Lagny le Sec, France (NNCNOW.com) - Residents of a small French village hold an annual ceremony to honor an American crew that crashed near their community while on a top secret mission during World War Two.
This year the extended family of Duluth airman Floyd Lauletta traveled to France where they learned about the mission that killed their relative and about its role in one of the most important efforts of World War Two.
Parts of that mission remains classified today.
Some 80 million people died in the Second World War. The long and bloody war lasted six years. One group of airmen is attributed with helping to shorten that war through its clandestine efforts to aid the resistance movements in France, Norway, Denmark, Italy and other occupied nations.
Bill Becker, who was one of those airmen said
“We dropped agents into France and Norway and Denmark."
Soon after the United States got into the war the top secret agency, the Office of Strategic Services, or OSS began recruiting elite airmen for a secret mission.
The clandestine wing of the 856th Bomb Squadron was code–named Carpetbaggers.
Minnesotans and even Duluthians were members of this top secret group.
Airmen like Bill Becker flew espionage missions in the dead of night, close to the ground, dropping weapons, ammunition, food, information pamphlets containing details of enemy troop strength and movement, and spies, into occupied and enemy territories.
“It was hairy, flying at night stuff, and we didn't have any communication with anybody other than the long–range navigation on the plane” Becker says.
When they were recruited, the men were told the basics of what they would be doing and the deadly consequences of talking about their mission.
Becker says “If you don't want to do this, it's perfectly fine. You can walk out of here now and forget that you ever knew this. But if you walk out of here and you might happen to talk about what we just spoke about, you will be brought back and shot.”
The men were assigned to eight person crews. In dangerous nighttime missions they flew in planes painted black, sometimes flying just a few hundred feet off the ground.
“We were shot up so bad going over the North Seas that (chuckle)I'm still thinking of it. My knees were knocking, that's how bad it was.” Becker told us.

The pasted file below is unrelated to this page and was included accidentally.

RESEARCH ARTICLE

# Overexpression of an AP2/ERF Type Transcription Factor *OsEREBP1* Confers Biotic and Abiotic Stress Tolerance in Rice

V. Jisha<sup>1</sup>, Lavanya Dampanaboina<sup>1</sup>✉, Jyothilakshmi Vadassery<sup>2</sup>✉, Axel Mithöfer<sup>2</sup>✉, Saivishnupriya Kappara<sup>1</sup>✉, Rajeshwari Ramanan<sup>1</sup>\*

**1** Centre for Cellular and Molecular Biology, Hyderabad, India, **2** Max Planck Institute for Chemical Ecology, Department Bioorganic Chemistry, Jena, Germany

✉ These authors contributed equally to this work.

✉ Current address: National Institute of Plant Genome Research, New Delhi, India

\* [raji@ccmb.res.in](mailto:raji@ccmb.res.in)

The Carpetbaggers flew mostly B17 Flying Fortresses and B24 Liberators. When the aircraft were hit by enemy fire Carpetbagger ground crews worked quickly to put the planes back into service.
Sidney Martinson from Crystal, Minnesota was one of those mechanics.
“They had a few that came back with holes once in a while. There were some hazards.”
Becker said information provided to the Carpetbaggers was on a need to know basis.
“We didn't even know till we got in the plane at night where exactly we were going.”
Even after the war ended the Carpetbaggers were sworn to secrecy by the OSS which became the CIA.
Martinson said “They warned us not to talk about it.”
The covert missions were only partially declassified in 1985, 50 years after the war ended, while other parts of what the Carpetbaggers did, remains classified today according to Becker.
“We were told when you go home forget that you ever did this. Don't mention a word.”
Martinson said he got the same message.
“We carried over the secrecy. We just didn't talk about it.”
One highly secret part of the Carpetbagger mission revolved around their efforts to keep the Germans from building their own atomic bomb.
Sgt. Becker says he knows he played a small part in that larger mission.
“We flew into Norway. We dropped guys that, from what I understand, they blew up the heavy water in Norway that Hitler needed for his Atomic bomb.”
The Carpetbaggers saw heavy casualties during the war. Those who came back mourned privately for their lost comrades but also took great pride in their accomplishments.
“I feel that I accomplished something in my life. I'm 88 years old now and I was 18 then” Becker says.
The dangerous work the Carpetbaggers performed during the Second World War is appreciated to this day by the resistance countries according to the Mayor of the French Village of Lagny le Sec, Didier Doucet.
“Without that, the liberation and the end of the war would probably have been delayed with more dead people.”
France recently bestowed its highest civilian honor on tail gunner Sgt. Bill Becker...the Legion of Honor Medal. “All my grandchildren they're all proud of their grandfather and I'm proud of it.”
June 6th, 2014 will be the 70th anniversary of the D–Day invasion and people across the world are commemorating the heroic struggle.